In the early nineties, Mendel Rosenblum and John Ousterhout had made a major breakthrough in the design of file systems with "The Design and Implementation of a Log-Structured File System." That alone is an interesting paper to read, but this weekend we will be looking at the actual implementation of an LFS by Margo Seltzer and other members of the BSD team.

It is one of the first papers to describe the implementation of a research system, and measure the result within a production system. I hope you will also enjoy it!

"An implementation of a log-structured file system for UNIX.", Margo Seltzer, Keith Bostic, Marshall Kirk Mckusick, and Carl Staelin. 1993, In Proceedings of the USENIX Winter 1993 Conference Proceedings on USENIX Winter 1993 Conference Proceedings (USENIX'93). USENIX Association, Berkeley, CA, USA, 3-3.

In the past few years, we have seen an explosion in the use of 'Deep Learning' as its software platforms and the supporting hardware mature, especially as GPUs with larger memories become widely available. Even though this is a recent development, 'Deep Learning' has entrenched historical roots, tracing back all the way to the sixties or possibly earlier.

By reading-up on its history, we get a better understanding of the current state of the art of 'Deep Learning algorithms' and the 'Neural Networks' that you build with them.

There is a broad set of papers to read if we want to dive deep into the history. It would take us multiple weekends. Instead, we will be reading an excellent overview paper from 2014 by Jürgen Schmidhuber. Jürgen evaluates the current state of the art in 'Deep Learning' by tracing it back to its roots. Ergo, we get excellent historical context.

Enjoy!

"Deep Learning in Neural Networks: An Overview." Jürgen Schmidhuber, in Neural Networks, Volume 61, January 2015, Pages 85-117 (DOI: 10.1016/j.neunet.2014.09.003)

Amazon today announced a new program that will make it free for tens of thousands of Alexa developers to build and host most Alexa skills using Amazon Web Services (AWS). Many Alexa skill developers currently take advantage of the AWS Free Tier, which offers one million AWS Lambda requests and up to 750 hours of Amazon Elastic Compute Cloud (Amazon EC2) compute time per month at no charge. However, if developers exceed the AWS Free Tier limits, they may incur AWS usage fees each month.

Now, developers with a live Alexa skill can apply to receive a $100 AWS promotional credit and can earn an additional $100 per month in AWS promotional credits if they incur AWS usage charges for their skill – making it free for developers to build and host most Alexa skills. Our goal is to free up developers to create more robust and unique skills that can take advantage of AWS services. We can't wait to see what you create.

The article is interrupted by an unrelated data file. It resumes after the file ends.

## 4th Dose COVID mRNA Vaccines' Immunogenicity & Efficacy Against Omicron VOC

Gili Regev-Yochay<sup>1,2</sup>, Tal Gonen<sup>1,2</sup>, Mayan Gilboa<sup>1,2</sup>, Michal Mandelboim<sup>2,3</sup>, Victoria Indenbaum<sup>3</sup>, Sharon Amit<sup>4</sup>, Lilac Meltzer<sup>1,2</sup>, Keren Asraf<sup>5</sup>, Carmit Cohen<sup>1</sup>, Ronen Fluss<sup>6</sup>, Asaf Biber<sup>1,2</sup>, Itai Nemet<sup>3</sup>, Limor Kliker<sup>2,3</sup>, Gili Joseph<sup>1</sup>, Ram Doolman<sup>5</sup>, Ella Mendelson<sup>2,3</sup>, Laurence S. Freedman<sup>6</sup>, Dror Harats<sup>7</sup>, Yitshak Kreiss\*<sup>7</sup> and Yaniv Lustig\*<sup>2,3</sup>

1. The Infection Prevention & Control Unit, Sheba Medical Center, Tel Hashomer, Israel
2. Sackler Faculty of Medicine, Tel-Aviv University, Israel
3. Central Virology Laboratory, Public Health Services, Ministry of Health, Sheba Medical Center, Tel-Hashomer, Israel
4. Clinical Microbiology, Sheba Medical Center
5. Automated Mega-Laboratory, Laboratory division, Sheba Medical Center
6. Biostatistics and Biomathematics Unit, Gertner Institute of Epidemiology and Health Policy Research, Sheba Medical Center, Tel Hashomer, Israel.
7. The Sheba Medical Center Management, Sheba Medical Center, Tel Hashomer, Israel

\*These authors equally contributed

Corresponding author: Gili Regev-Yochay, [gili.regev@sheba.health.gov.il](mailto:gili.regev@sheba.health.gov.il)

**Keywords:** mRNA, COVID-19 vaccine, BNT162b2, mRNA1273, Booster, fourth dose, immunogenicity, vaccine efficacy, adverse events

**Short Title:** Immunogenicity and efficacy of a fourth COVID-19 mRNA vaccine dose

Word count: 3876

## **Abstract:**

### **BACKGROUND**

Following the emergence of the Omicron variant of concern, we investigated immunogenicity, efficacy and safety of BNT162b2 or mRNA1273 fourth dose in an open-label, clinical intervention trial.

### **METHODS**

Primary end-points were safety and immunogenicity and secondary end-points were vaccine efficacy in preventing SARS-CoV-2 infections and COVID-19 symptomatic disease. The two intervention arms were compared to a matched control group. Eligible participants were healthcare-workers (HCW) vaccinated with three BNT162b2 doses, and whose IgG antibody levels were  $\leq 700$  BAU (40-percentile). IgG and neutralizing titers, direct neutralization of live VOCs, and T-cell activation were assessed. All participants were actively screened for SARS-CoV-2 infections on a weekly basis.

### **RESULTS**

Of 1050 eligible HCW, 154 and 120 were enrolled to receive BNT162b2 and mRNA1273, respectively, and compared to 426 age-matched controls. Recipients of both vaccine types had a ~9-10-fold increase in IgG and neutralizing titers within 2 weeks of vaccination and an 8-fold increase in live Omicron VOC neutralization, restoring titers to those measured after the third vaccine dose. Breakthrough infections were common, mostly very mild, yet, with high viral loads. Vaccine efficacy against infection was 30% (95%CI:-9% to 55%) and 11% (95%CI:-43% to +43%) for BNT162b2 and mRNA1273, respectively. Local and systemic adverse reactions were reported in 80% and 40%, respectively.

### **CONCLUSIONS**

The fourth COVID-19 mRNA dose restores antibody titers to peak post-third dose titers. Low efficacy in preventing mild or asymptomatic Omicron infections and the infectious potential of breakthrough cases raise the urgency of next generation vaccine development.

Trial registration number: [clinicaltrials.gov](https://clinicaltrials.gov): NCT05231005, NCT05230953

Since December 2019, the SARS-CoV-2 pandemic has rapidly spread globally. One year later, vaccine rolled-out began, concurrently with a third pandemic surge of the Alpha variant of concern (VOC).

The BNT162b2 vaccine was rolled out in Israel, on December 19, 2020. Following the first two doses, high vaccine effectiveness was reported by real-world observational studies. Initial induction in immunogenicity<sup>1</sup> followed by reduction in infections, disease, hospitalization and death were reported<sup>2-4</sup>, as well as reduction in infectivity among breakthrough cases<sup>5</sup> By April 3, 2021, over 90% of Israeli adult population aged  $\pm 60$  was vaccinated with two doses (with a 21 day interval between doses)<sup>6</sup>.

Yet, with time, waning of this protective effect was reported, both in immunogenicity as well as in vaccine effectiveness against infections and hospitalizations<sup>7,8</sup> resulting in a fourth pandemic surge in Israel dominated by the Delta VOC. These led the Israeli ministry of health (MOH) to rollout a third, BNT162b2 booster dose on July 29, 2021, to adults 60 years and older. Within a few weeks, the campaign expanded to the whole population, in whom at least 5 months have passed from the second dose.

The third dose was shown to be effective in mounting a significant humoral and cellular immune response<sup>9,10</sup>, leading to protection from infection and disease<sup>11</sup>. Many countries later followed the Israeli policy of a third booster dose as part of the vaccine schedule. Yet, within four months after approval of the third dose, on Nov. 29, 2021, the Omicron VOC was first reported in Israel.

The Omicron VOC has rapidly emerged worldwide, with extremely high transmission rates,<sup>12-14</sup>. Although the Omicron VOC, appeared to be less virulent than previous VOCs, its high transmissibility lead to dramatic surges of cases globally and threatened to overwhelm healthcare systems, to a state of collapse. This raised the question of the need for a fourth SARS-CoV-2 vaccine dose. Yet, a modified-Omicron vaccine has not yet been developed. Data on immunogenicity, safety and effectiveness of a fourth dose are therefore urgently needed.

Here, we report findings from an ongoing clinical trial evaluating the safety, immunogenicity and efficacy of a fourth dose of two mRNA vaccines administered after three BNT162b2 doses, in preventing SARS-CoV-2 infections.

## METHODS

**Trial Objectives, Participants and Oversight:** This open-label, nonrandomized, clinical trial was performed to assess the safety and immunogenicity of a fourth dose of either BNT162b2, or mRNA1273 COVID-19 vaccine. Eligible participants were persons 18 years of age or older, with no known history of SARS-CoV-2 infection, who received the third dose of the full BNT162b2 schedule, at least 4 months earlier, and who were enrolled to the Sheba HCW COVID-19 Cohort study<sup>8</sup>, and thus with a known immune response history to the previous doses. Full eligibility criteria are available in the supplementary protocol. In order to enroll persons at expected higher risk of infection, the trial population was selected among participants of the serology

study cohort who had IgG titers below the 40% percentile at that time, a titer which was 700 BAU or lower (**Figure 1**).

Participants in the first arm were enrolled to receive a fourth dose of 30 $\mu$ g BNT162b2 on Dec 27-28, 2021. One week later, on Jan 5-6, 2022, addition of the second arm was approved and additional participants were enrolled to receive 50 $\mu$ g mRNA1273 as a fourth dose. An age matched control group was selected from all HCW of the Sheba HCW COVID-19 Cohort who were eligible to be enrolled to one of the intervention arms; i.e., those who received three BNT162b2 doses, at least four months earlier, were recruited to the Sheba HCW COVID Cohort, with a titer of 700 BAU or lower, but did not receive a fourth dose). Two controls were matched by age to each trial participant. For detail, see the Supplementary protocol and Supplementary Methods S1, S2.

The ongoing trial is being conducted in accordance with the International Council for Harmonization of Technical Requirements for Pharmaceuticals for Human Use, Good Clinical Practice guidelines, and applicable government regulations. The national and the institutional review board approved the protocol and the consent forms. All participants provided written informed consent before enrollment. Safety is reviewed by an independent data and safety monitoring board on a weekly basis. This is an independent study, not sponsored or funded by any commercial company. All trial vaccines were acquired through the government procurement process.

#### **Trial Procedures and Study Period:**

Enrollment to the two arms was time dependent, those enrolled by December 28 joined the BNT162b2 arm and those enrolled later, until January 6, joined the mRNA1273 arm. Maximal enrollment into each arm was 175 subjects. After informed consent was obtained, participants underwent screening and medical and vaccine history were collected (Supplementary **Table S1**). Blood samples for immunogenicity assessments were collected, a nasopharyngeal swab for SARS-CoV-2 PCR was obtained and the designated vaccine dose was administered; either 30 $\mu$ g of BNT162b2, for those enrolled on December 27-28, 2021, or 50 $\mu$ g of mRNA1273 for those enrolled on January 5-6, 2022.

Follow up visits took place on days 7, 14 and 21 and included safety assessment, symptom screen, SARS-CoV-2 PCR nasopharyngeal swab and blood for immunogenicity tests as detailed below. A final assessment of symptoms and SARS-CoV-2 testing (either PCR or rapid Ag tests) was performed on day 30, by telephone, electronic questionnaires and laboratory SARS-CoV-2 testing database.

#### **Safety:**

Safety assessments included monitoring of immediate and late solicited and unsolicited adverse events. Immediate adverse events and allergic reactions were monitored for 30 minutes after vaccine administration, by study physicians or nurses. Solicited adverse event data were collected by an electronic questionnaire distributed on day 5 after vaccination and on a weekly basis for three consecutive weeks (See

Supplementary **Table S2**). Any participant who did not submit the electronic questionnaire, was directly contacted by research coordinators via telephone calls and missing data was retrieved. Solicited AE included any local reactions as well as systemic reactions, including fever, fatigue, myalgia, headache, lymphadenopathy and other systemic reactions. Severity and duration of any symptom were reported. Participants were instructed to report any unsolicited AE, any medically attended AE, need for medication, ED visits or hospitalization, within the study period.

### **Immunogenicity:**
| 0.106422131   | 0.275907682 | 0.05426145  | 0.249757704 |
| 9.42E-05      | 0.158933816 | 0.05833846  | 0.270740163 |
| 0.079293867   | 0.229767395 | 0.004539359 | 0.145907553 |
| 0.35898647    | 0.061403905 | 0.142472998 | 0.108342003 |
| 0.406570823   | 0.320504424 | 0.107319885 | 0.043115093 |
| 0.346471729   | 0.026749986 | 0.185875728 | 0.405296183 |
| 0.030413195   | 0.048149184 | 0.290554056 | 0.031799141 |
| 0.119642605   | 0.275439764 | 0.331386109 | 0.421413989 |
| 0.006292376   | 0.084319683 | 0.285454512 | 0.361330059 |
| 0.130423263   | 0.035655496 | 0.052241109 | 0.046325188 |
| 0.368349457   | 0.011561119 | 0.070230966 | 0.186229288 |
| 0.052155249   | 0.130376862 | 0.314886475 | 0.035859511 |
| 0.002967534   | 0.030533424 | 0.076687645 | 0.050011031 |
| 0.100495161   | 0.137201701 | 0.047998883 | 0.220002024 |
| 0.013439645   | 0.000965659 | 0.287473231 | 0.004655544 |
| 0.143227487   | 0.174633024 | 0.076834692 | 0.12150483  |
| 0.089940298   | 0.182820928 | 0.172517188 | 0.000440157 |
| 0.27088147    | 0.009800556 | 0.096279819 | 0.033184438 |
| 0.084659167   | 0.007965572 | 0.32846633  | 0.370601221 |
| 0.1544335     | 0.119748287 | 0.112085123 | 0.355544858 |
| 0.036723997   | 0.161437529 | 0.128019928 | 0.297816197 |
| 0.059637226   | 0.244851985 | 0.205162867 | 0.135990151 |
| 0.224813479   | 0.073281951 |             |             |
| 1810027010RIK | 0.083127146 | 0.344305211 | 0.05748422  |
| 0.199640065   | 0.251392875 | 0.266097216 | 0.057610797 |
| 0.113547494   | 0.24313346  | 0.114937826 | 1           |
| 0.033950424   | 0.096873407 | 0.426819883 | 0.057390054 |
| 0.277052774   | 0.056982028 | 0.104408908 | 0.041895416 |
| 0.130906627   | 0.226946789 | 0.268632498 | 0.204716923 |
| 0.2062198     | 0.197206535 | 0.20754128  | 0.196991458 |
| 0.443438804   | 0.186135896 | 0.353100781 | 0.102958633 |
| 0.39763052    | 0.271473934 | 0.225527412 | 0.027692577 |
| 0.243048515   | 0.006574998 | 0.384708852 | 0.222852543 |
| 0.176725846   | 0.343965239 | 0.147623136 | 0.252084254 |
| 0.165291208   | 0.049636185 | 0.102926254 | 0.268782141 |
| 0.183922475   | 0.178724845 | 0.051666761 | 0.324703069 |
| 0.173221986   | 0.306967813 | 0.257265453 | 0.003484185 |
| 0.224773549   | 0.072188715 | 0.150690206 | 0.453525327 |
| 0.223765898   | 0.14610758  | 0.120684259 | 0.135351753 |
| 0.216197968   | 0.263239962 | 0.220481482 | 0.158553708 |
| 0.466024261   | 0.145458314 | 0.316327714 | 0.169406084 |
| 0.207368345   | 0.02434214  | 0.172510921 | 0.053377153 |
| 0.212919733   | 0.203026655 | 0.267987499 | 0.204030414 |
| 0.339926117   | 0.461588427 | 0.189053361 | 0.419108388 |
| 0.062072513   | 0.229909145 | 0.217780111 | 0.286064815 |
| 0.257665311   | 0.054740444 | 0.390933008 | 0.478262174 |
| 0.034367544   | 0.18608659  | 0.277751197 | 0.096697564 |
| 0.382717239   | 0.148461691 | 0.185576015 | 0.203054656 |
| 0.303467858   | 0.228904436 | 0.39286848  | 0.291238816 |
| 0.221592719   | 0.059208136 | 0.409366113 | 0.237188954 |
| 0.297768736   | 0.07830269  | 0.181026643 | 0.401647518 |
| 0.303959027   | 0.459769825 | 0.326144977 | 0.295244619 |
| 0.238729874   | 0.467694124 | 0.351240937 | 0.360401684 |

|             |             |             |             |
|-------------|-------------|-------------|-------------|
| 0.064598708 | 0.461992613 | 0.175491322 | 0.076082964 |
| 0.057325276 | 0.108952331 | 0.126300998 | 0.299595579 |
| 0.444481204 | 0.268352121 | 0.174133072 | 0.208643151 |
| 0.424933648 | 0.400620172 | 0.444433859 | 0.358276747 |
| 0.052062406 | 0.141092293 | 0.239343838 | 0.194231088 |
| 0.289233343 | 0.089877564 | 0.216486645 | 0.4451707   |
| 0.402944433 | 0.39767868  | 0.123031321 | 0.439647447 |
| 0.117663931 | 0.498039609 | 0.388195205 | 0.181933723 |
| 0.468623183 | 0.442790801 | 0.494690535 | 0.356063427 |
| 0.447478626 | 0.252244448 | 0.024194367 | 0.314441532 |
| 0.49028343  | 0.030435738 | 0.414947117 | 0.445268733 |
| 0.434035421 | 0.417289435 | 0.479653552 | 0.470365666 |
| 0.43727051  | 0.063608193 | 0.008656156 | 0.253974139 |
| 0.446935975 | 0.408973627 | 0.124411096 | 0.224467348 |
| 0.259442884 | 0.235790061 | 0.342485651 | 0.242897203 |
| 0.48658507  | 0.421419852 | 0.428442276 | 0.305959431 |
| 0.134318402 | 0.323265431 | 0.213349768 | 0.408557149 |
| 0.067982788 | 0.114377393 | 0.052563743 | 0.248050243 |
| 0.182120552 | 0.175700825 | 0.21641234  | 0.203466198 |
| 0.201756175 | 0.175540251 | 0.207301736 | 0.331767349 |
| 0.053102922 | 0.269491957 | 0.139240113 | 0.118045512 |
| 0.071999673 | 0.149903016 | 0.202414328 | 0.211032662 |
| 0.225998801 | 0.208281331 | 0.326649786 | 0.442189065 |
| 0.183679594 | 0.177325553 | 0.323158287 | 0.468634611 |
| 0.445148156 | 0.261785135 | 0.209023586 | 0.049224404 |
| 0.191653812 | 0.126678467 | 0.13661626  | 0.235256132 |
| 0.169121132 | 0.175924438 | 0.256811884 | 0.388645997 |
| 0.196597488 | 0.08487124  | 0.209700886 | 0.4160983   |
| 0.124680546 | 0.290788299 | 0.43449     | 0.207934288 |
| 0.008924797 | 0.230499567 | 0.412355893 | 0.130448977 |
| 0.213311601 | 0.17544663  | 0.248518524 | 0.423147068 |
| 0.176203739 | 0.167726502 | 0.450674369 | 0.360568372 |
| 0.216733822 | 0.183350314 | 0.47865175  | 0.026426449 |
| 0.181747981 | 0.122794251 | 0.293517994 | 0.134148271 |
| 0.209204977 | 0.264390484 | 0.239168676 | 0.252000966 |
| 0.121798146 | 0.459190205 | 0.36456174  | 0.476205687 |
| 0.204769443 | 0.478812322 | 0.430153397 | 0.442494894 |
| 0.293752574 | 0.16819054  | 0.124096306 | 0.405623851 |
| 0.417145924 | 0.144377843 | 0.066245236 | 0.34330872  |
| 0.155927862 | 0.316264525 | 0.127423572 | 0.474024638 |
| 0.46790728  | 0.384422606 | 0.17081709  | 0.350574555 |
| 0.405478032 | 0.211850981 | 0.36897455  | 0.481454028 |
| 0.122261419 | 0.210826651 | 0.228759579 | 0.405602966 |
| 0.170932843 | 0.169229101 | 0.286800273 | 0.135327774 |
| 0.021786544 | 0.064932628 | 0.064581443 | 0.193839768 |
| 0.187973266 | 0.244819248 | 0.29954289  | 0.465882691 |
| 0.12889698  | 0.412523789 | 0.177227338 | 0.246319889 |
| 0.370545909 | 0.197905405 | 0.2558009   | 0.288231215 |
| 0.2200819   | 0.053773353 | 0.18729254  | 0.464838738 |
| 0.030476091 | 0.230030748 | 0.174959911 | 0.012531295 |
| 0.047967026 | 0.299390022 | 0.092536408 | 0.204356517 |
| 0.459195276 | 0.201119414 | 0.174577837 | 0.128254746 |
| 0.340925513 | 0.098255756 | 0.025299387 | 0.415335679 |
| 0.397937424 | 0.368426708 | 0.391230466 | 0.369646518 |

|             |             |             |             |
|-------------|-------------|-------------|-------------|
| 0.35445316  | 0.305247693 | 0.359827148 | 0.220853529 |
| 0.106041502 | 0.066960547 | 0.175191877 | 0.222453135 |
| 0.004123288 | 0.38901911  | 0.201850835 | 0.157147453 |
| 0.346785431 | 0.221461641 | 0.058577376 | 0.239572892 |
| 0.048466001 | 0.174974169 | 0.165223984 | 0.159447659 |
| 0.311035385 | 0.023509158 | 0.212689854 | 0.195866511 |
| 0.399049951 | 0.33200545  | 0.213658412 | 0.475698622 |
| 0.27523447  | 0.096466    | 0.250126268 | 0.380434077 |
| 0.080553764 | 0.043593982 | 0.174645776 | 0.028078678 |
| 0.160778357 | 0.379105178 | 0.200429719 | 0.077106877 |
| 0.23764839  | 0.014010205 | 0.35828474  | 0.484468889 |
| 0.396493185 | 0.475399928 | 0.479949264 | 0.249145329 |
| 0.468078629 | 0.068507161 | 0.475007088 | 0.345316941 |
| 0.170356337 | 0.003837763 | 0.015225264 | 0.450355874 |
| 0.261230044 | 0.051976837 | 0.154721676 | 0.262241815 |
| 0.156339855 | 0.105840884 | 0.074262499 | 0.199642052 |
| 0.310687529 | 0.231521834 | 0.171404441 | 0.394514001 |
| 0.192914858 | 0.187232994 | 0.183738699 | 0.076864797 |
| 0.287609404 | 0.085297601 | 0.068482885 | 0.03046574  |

How It Works

If you have one or more live Alexa skills, you are eligible to receive a $100 AWS promotional credit to be used toward AWS fees incurred in connection with your skills. Additionally, if you continue to incur skill-related AWS charges that exceed the initial $100 promotional credit, you will also be eligible to receive monthly AWS promotional credits of $100. All you need to do is apply once. Apply Now >

Build and Host Alexa Skills with AWS

With the new program, if you exceed the AWS Free Tier due to growth of your skill, or are looking to scale your skill using AWS services, you will be eligible to receive AWS promotional credits to be applied to AWS services such as Amazon EC2, Amazon Simple Storage Service (Amazon S3), Amazon DynamoDB, and Amazon CloudFront.

For example, you can use DynamoDB to create more engaging skills that have context and memory. In a game with memory, you could pause for a few hours and then keep going (like the Wayne Investigation, or Sub War). Or, to give your customers a more immersive experience, consider incorporating audio files via Amazon S3 to stream short audio bursts, games, podcasts, or news stories in your skill. Many of our most engaging skills, like Ambient Noise and RuneScape Quests – One Piercing Note, add audio sounds to soothe and voiceovers and sound effects to make the in-game experience more immersive.

Build a Skill Today - Special Offers

Our skill templates and step-by-step guides are a valuable way to quickly learn the end-to-end process for building and publishing an Alexa skill. You can get started quickly with the city guide template or fact skill template, or use the Alexa SDK for Node.js on GitHub to create a custom skill. Plus, if you publish a skill, you'll receive an Alexa dev t-shirt. Quantities are limited. See Terms and Conditions.

Additional Resources

For more information on getting started with developing for Alexa, check out the following resources:

How companies can become magnets for digital talent

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This article titled "Wie Unternehmen digitale Talente anziehen" appeared in German last week in the "Tipps für Arbeitgeber" section of Wirtschaftwoche.